Camp Industry Professionalism – 2008

Historical Roots
In the late 1800s, when the camping movement began to accelerate in Canada and the US, dozens of new camps were founded by progressive educators. Some of these professionals had doctorates in education; others were seasoned teachers or headmasters at private schools. All of them were looking for alternative pedagogies—methods of educating children that complemented the traditional classroom. Their pioneering spirit, innovative programs, and instructional credentials necessitated professionalism. Had they not been a well educated bunch, the camping movement might have fizzled for lack of credibility.

What about now? Do contemporary camp directors have the educational clout to pass muster with today’s parents? Can they survive in an industry that demands a vast skill set ranging from technological expertise to psychopharmacology? What is the “right” background for one to become a virtuoso camp director?

Success Exists
These questions probably have complicated answers, but simple ones appeal to me more. Plus, I’m not at camp director, so let me stick to what I know. First of all, I’ve met virtuoso camp directors, so I know the breed still exists. Moreover, there are many successful day, resident, and specialty camps out there. (By successful, I mean a combination of financially sound and mission-driven.) Clearly, someone is doing something right. That said, everyone reading this column will be able to think of a camp director he or she has met who is decidedly unprofessional—the kind of person who conjures up visions of lawsuits and makes a bad name for the industry.

Professionalism comprises at least four dialectics, or four sets of interacting forces: Mission—Vision, Wisdom—Courage, Energy—Stamina, and Leadership—Education. Reflection on these dynamic tensions sheds light on camp director professionalism in ways that a list of qualifications cannot.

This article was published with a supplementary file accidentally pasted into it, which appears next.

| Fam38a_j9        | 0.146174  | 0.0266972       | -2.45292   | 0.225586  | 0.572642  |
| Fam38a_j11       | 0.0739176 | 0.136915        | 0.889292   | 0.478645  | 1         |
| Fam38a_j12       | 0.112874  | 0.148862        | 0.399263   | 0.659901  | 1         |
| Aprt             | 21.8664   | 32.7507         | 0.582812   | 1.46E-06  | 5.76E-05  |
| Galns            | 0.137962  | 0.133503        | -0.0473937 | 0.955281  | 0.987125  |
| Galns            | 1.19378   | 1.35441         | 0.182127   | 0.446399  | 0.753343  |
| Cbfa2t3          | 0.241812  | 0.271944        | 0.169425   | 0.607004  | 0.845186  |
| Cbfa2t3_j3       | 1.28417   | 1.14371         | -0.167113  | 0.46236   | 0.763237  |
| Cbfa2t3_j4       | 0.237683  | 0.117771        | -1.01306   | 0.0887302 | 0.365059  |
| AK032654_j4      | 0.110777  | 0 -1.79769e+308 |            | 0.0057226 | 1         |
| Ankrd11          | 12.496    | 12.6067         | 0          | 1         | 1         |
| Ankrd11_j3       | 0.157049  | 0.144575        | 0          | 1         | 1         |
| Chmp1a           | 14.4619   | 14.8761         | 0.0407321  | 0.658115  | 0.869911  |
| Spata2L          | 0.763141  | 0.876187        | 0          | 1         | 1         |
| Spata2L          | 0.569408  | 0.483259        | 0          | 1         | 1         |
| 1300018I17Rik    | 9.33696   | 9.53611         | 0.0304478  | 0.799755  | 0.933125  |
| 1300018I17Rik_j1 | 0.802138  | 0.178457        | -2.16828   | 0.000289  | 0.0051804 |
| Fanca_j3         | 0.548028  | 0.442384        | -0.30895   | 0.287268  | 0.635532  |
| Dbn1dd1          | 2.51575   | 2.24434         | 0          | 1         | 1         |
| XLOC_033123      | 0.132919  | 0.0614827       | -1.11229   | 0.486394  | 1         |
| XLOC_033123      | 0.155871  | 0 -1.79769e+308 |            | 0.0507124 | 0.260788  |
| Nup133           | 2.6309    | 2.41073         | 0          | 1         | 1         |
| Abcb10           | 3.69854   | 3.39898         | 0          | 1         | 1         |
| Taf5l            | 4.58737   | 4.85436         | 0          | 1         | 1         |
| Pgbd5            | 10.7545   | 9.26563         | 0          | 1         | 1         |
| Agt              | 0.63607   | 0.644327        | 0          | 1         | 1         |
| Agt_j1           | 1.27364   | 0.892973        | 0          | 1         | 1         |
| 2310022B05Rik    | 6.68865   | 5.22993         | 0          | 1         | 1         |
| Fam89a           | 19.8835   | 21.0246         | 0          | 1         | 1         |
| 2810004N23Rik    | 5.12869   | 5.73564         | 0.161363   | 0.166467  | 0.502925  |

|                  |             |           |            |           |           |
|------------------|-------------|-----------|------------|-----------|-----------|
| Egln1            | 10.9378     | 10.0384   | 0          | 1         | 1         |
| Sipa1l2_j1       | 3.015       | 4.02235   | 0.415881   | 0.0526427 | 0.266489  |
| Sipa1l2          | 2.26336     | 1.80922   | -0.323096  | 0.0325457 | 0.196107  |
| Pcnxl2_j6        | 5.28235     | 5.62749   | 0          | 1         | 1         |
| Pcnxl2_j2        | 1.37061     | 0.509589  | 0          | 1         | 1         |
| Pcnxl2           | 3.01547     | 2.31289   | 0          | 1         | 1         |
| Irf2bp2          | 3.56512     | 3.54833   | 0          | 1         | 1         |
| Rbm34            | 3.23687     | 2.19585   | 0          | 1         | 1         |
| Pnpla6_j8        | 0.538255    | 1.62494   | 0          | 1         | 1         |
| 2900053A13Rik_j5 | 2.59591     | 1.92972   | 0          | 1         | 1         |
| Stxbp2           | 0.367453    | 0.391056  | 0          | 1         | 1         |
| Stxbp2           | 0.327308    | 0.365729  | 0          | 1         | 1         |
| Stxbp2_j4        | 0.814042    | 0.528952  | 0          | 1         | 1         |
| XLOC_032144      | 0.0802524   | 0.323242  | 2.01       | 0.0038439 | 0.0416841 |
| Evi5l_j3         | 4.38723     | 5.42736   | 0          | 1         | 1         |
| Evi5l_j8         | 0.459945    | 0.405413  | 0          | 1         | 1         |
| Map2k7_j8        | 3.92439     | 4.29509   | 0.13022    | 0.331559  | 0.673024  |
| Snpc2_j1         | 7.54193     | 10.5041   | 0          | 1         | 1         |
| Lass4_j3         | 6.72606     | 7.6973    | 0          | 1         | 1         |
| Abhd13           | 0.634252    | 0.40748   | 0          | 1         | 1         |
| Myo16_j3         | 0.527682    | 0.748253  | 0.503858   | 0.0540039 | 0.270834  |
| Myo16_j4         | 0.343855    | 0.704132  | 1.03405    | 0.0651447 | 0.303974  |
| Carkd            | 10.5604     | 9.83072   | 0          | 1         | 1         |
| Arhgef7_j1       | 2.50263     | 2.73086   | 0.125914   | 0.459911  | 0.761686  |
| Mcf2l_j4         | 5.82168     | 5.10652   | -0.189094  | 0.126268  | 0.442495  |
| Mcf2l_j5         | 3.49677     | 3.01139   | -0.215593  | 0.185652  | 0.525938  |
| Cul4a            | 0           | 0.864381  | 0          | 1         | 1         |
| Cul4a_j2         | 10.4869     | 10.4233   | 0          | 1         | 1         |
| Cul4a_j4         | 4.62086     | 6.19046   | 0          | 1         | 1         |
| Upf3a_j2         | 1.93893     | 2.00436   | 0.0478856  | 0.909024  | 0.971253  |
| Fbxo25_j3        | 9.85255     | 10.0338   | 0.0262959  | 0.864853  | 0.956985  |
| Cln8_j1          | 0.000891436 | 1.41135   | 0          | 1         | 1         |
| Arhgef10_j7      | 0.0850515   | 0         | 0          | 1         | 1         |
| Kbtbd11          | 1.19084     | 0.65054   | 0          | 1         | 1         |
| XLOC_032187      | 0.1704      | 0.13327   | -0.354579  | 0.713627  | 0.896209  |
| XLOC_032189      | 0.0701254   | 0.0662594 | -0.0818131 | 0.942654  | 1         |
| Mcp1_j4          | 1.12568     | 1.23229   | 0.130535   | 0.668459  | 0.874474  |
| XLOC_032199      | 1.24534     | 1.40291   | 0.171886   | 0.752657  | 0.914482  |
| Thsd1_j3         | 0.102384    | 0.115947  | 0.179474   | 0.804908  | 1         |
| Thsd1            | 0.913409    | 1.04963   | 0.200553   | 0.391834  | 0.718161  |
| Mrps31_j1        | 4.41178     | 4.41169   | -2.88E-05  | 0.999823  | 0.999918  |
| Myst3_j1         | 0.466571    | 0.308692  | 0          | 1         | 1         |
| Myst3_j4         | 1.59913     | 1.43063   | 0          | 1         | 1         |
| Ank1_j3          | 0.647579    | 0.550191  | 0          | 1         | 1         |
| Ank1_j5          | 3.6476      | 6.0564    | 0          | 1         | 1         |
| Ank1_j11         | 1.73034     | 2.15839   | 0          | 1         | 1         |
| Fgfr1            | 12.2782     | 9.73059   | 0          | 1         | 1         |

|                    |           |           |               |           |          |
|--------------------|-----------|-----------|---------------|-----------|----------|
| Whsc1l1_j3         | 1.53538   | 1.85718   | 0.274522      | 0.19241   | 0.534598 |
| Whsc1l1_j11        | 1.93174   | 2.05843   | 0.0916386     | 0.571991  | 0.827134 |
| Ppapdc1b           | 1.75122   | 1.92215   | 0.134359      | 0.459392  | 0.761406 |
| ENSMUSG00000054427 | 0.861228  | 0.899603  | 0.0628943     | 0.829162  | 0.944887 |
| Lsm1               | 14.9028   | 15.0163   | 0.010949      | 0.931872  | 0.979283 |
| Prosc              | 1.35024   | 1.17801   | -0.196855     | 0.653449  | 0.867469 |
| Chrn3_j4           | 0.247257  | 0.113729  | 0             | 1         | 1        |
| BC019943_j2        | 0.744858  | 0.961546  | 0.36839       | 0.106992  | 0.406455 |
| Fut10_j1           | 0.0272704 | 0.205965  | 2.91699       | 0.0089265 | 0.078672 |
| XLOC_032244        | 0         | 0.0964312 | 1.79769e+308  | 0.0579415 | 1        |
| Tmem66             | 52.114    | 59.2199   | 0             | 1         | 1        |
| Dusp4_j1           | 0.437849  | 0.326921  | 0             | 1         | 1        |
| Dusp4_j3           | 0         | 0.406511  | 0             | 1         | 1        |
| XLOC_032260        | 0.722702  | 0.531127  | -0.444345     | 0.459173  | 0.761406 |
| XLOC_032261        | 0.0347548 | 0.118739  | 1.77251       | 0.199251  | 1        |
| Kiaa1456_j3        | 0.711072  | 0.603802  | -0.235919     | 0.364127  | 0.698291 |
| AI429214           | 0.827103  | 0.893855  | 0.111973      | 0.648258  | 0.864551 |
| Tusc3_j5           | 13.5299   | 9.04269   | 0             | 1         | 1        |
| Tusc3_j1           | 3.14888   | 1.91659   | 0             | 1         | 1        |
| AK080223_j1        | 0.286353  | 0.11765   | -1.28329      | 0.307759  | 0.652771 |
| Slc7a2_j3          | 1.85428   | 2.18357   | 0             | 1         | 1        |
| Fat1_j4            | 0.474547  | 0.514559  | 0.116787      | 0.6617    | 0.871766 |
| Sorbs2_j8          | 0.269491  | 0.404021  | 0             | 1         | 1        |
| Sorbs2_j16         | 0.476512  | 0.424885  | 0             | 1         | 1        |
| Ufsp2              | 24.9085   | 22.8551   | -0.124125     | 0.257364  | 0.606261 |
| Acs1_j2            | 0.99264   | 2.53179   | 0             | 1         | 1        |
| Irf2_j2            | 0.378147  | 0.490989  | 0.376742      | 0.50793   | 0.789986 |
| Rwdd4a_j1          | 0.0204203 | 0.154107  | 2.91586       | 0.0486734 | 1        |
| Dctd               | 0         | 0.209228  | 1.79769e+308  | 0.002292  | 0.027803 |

The Mission—Vision Dialectic
Mission driven camps are those who operate under the assumption that their market niche is determined by their stated youth development outcomes, not the other way around. Professional directors are those who craft and refine their camp’s mission based on a marriage between their values and the outcomes they desire for themselves, their staff, and their campers. Professional directors are not only able to say, “Here’s what we offer, in your child’s best interests,” but they are also able to tolerate families who decide this camp is not for them and look elsewhere.

The complementary force of vision requires directors to look back at the history of organized camping and to look forward toward camping’s future. This vision enables them to direct camp without stagnating in ineffectual traditions or repeating mistakes of the past. Camp directors with a clear mission and a clear vision move their organizations forward with vibrant integrity.

The Wisdom—Courage Dialectic
Wise camp directors are those with life experience, of almost any sort. There is no substitute for a life lived full of challenges, mistakes, and triumphs, be they personal, social, organizational, educational, or vocational. Professional directors are those who have lived in the world—the very world from which they are hiring their staff and into which they are sending their campers when the season is over. Wisdom is scant in an ivory tower but brimming in the natural world.